What is The Federal Reserve ("The Fed")?

Image of the Federal Reserve Building

The Federal Reserve is the central bank of the United States. It was formed by Congress in 1913 to help make the national economy and financial system safer and more stable. But just what does The Fed do? Let's find out.

What exactly does the Federal Reserve Bank do?

"The Fed" influences the money supply and credit conditions in order to accomplish several goals: to promote steady prices and full employment, to promote stability in the financial system, and to facilitate sustainable economic growth. Other duties include regulation of the banking industry and making sure consumers have access to the information they need in order to participate in the financial system.

Although the Fed is the central bank of the United States, it is not really a true government institution. The Fed is not funded by tax dollars, and its decisions do not have to be approved by the President or either house of Congress. The governing body within the Fed is the Board of Governors. This is a seven-member committee whose members are chosen by the President and confirmed by the Senate. To ensure fair representation, there may not be more than one governor from each of the twelve Federal Reserve Districts across the nation. Members of the Federal Reserve Board of Governors have terms that last fourteen years. The Federal Reserve is subject to Congressional Oversight and any changes in the law that Congress passes.

Interest: The price of money

One way the Fed accomplishes its goals is through the use of monetary policy. In simple terms,monetary policy is the manner by which the Fed controls the supply of money in the economy. The manipulations of the money supply affect interest rates, which in turn influence the economy and the financial system. For example, throughout the year 2001, the Fed increased the money supply dramatically. This increase in the money supply lowered the interest rates of 30-year Treasury bonds. Mortgage rates are influenced by the rate of the 30-year Treasury. So, as the Treasury rates fell, so did interest rates on mortgages. The result has been a boom in the housing market and the refinancing of many existing mortgages to take advantage of the lower rates.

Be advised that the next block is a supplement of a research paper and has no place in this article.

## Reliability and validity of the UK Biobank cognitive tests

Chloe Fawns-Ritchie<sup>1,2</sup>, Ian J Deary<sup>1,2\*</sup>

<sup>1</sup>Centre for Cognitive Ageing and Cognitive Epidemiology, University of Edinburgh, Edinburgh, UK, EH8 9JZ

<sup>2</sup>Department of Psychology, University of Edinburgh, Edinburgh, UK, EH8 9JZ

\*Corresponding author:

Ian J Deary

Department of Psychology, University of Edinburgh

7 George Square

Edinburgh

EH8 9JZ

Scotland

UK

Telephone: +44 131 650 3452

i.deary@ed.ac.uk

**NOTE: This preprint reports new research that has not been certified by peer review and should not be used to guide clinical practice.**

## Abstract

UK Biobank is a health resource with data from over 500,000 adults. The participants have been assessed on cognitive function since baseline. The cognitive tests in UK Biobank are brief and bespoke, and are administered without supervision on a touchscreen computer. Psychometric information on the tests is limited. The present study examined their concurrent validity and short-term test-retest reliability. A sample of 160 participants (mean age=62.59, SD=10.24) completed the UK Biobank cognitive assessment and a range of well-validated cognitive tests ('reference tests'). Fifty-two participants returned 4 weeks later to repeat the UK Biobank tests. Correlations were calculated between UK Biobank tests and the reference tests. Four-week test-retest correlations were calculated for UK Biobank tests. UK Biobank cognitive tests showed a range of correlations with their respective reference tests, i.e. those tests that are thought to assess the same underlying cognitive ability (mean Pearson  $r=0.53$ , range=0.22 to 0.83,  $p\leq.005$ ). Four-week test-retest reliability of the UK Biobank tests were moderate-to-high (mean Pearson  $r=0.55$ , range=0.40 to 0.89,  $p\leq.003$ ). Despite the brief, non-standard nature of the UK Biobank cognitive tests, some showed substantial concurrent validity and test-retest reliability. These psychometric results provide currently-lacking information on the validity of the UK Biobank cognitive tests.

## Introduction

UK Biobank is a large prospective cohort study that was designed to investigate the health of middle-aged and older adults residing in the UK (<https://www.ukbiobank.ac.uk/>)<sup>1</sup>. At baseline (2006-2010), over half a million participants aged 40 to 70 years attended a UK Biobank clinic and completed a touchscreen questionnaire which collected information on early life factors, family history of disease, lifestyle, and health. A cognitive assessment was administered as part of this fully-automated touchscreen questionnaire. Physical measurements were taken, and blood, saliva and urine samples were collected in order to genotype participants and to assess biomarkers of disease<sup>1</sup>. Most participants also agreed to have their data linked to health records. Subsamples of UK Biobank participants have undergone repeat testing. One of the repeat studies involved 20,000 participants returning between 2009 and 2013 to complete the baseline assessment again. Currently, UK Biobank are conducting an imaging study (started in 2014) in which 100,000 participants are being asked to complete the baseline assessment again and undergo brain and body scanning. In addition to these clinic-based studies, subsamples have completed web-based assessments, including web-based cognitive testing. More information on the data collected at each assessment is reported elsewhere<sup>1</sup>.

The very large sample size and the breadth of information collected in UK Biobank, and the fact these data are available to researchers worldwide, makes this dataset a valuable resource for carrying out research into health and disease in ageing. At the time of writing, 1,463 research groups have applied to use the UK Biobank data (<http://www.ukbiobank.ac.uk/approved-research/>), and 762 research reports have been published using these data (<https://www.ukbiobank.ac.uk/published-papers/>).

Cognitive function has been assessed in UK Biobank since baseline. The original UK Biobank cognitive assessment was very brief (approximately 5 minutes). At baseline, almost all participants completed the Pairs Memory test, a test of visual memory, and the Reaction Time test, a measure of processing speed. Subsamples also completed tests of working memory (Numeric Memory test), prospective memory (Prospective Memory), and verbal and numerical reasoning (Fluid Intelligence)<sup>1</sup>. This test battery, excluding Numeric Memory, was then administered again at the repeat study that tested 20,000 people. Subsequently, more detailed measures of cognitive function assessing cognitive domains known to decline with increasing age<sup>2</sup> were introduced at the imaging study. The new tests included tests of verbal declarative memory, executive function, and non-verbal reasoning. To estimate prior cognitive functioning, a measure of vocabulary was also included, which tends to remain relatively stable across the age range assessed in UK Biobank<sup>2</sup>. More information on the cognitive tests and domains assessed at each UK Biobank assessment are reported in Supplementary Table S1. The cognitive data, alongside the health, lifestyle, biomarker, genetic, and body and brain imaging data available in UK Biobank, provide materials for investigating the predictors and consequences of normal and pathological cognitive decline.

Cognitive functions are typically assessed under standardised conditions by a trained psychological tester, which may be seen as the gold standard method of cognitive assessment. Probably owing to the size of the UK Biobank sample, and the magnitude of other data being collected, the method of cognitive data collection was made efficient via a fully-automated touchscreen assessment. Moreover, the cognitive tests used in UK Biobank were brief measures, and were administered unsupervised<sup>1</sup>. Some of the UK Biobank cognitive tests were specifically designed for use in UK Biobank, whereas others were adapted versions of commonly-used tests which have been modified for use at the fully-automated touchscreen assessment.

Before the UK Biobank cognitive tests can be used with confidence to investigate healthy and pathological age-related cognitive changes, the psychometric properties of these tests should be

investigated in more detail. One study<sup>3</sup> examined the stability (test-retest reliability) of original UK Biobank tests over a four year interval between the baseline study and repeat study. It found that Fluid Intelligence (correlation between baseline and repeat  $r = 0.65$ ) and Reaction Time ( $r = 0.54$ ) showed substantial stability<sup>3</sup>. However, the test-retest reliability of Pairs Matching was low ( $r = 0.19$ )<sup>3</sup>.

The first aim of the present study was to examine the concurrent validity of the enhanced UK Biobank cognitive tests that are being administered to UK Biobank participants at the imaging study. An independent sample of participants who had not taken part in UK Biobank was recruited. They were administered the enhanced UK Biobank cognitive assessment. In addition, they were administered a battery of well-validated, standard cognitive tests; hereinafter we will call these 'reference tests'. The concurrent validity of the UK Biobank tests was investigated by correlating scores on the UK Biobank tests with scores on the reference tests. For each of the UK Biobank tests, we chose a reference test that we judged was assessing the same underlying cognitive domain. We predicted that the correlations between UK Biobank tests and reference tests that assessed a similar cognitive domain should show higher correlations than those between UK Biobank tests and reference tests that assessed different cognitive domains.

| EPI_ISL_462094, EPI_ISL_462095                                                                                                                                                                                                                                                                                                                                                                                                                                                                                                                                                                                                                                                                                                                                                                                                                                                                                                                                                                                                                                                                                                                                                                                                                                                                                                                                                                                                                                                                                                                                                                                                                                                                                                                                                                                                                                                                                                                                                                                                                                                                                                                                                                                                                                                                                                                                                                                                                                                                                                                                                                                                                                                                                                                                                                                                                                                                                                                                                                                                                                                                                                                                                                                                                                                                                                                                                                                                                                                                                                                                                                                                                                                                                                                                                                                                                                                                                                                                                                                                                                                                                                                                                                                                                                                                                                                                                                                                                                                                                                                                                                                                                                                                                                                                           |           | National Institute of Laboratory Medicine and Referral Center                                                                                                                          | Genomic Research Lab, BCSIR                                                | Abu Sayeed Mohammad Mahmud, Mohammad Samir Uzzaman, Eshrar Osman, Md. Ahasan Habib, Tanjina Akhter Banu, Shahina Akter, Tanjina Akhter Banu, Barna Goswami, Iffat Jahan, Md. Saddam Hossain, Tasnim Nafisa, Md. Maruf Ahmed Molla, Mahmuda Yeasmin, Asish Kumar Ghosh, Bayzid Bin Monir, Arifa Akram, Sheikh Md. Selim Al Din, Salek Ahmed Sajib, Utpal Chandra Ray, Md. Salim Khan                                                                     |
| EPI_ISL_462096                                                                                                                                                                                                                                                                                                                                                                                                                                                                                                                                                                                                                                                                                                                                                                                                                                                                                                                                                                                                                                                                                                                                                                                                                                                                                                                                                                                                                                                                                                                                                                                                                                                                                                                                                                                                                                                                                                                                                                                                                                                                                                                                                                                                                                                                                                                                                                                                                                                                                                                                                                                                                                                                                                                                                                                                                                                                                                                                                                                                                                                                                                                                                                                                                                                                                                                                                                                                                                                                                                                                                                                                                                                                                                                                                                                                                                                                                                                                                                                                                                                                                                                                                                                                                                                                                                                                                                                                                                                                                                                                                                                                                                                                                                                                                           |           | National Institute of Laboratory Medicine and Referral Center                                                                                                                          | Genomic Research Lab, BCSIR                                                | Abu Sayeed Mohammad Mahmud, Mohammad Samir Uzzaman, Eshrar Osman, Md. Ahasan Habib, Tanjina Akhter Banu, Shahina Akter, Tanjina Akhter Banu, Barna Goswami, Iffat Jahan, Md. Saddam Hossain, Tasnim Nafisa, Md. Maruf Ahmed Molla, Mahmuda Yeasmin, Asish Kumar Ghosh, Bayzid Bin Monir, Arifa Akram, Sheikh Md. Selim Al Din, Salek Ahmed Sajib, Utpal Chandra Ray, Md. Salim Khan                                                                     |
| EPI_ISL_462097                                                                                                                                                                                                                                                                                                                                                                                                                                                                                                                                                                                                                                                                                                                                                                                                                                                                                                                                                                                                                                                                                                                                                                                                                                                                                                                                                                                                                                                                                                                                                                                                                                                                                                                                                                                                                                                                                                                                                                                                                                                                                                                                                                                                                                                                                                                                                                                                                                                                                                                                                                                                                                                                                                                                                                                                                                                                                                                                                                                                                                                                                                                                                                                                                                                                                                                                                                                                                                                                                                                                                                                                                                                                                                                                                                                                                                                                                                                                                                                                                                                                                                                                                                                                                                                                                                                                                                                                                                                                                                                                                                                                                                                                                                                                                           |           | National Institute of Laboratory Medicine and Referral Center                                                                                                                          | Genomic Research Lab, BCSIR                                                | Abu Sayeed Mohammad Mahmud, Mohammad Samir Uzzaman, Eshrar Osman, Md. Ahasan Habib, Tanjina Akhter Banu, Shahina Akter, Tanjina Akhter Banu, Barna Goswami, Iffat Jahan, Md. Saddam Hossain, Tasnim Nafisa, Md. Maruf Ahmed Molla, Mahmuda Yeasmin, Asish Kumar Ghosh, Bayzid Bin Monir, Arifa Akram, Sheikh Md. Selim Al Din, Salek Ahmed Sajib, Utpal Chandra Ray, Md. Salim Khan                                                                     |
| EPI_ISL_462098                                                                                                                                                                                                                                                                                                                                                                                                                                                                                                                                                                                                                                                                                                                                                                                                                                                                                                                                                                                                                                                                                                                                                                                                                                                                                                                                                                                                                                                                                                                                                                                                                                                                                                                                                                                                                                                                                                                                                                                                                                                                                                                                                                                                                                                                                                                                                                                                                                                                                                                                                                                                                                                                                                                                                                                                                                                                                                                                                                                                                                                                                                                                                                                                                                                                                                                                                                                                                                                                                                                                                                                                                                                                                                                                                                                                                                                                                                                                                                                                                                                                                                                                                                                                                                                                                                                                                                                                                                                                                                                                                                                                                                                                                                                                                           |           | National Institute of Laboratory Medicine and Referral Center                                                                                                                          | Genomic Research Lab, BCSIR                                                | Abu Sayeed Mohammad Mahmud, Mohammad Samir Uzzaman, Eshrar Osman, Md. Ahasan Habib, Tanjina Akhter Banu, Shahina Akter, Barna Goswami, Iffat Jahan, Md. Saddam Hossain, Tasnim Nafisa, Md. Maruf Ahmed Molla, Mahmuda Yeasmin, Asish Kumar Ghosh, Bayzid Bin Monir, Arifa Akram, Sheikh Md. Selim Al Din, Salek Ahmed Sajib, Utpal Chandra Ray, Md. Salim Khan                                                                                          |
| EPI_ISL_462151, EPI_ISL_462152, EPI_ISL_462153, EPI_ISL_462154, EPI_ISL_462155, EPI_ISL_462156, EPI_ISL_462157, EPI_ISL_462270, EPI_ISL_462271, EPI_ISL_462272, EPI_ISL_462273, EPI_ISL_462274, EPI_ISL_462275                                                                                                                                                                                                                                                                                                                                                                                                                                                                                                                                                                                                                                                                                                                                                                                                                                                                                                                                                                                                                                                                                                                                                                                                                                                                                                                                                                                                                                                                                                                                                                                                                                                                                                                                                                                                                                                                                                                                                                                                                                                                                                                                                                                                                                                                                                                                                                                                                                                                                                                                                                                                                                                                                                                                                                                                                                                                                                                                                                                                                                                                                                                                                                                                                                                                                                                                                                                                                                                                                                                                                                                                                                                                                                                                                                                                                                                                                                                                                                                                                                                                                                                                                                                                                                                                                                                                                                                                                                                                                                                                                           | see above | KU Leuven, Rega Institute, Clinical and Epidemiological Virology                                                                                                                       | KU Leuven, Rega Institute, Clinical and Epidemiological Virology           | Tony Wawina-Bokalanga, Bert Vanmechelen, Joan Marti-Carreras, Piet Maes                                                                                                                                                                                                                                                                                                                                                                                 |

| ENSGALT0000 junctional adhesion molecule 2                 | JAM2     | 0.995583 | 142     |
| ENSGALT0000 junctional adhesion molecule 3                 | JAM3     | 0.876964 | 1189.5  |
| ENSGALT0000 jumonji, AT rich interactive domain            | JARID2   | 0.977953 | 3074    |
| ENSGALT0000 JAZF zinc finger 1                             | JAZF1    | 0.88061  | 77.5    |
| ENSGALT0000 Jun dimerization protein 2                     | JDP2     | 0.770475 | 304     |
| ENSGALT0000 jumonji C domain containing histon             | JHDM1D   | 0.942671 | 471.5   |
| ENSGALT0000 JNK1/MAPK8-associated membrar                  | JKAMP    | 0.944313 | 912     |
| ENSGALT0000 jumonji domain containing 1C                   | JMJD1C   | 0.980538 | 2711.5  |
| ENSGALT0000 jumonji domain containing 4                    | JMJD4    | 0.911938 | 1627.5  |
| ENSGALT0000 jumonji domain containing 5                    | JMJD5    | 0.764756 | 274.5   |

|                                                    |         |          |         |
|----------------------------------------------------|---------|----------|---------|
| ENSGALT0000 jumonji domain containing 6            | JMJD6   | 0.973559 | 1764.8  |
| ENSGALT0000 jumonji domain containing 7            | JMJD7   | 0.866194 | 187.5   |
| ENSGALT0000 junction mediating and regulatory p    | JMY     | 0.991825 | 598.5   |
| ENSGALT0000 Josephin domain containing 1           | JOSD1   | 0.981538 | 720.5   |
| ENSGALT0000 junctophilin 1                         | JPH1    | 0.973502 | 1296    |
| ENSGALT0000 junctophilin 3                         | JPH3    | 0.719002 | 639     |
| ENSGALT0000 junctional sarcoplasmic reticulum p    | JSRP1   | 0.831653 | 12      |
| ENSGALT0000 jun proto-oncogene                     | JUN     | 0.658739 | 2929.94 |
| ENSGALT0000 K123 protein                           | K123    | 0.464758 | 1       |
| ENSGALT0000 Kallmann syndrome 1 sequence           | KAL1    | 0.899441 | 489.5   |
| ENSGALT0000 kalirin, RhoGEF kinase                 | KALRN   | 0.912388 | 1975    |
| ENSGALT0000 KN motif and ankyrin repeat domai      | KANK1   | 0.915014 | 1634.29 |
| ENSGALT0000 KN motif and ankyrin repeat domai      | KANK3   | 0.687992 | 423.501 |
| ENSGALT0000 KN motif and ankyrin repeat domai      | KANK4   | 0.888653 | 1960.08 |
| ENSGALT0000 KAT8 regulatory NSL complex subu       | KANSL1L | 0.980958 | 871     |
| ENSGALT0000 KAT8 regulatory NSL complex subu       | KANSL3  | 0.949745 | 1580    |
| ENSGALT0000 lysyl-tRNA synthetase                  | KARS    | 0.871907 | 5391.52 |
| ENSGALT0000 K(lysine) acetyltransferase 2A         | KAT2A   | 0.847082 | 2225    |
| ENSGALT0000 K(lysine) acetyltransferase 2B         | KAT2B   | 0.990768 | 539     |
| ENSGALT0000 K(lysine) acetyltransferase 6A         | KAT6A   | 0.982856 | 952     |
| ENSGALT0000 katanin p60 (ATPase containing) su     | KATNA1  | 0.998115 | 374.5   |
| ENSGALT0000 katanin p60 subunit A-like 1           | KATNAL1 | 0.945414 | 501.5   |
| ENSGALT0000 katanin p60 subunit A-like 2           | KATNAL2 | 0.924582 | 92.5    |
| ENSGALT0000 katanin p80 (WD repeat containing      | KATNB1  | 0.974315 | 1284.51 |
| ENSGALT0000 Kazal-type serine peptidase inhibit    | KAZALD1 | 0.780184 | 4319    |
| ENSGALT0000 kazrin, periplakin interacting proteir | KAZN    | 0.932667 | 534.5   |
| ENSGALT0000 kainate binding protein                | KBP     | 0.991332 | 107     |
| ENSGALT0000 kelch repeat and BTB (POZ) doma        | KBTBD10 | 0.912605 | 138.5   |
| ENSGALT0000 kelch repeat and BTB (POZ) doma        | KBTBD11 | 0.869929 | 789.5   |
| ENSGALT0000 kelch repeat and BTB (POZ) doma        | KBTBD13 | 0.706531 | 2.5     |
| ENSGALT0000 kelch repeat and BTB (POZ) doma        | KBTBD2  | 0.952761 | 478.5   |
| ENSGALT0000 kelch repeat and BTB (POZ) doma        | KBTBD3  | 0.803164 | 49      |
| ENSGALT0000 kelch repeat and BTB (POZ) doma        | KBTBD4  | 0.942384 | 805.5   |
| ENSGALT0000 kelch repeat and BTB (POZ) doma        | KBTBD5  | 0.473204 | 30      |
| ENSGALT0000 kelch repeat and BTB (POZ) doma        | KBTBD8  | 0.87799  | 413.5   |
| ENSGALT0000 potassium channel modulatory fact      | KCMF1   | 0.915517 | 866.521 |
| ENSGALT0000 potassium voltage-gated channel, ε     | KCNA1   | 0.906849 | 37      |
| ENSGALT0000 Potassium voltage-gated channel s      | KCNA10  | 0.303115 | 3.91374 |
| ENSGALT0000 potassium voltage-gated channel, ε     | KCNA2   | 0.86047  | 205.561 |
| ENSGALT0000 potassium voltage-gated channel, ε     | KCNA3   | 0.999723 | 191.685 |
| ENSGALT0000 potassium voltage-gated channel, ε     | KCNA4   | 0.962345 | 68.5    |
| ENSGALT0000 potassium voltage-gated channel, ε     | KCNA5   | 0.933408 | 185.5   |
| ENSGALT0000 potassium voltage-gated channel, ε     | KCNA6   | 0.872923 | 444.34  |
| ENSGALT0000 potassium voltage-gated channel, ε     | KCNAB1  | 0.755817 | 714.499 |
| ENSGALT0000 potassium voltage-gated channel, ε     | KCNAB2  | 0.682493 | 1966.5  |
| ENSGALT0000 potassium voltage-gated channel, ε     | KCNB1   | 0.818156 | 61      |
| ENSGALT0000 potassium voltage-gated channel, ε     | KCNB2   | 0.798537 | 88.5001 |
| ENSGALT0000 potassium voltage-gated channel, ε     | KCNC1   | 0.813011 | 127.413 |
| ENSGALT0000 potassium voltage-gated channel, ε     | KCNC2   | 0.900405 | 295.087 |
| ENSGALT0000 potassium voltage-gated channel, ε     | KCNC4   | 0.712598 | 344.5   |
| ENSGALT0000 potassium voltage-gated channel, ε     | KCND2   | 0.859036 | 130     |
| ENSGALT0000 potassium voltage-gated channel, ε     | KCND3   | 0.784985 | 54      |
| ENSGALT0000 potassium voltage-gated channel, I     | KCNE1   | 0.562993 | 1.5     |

It is important to have a basic understanding of what interest rates are and the influence they have on the overall economy. An interest rate is the price of money. For example, the interest you pay on a loan or credit card is the price the lender charges you to use their money. The price of money, like any other good, is determined by supply and demand. The Fed influences interest rates by controlling the money supply.

Sometimes it is difficult to understand how the supply of something can be such an important part of its price. In general, a good that is plentiful, such as loaves of bread, will be inexpensive. Goods that are scarce, like diamonds, are expensive.

The same principle applies to the cost of most goods, including money. If money is plentiful, it becomes inexpensive as interest rates fall. If it is scarce, it is more expensive when interest rates increase. By changing the supply of money in circulation, the Fed changes the price of money.

The Federal Open Market Committee (FOMC)

The Federal Open Market Committee (FOMC) is in charge of controlling the money supply. This committee is made up of the seven members of the Board of Governors and five Reserve Bank Presidents from around the nation. The President of the Federal Reserve Bank of New York is always a member of the FOMC. The Fed changes the price of money through the use of monetary policy. In simple terms, monetary policy is the manner by which the Fed controls the supply of money to the economy.

The FOMC controls the money supply in the following three ways: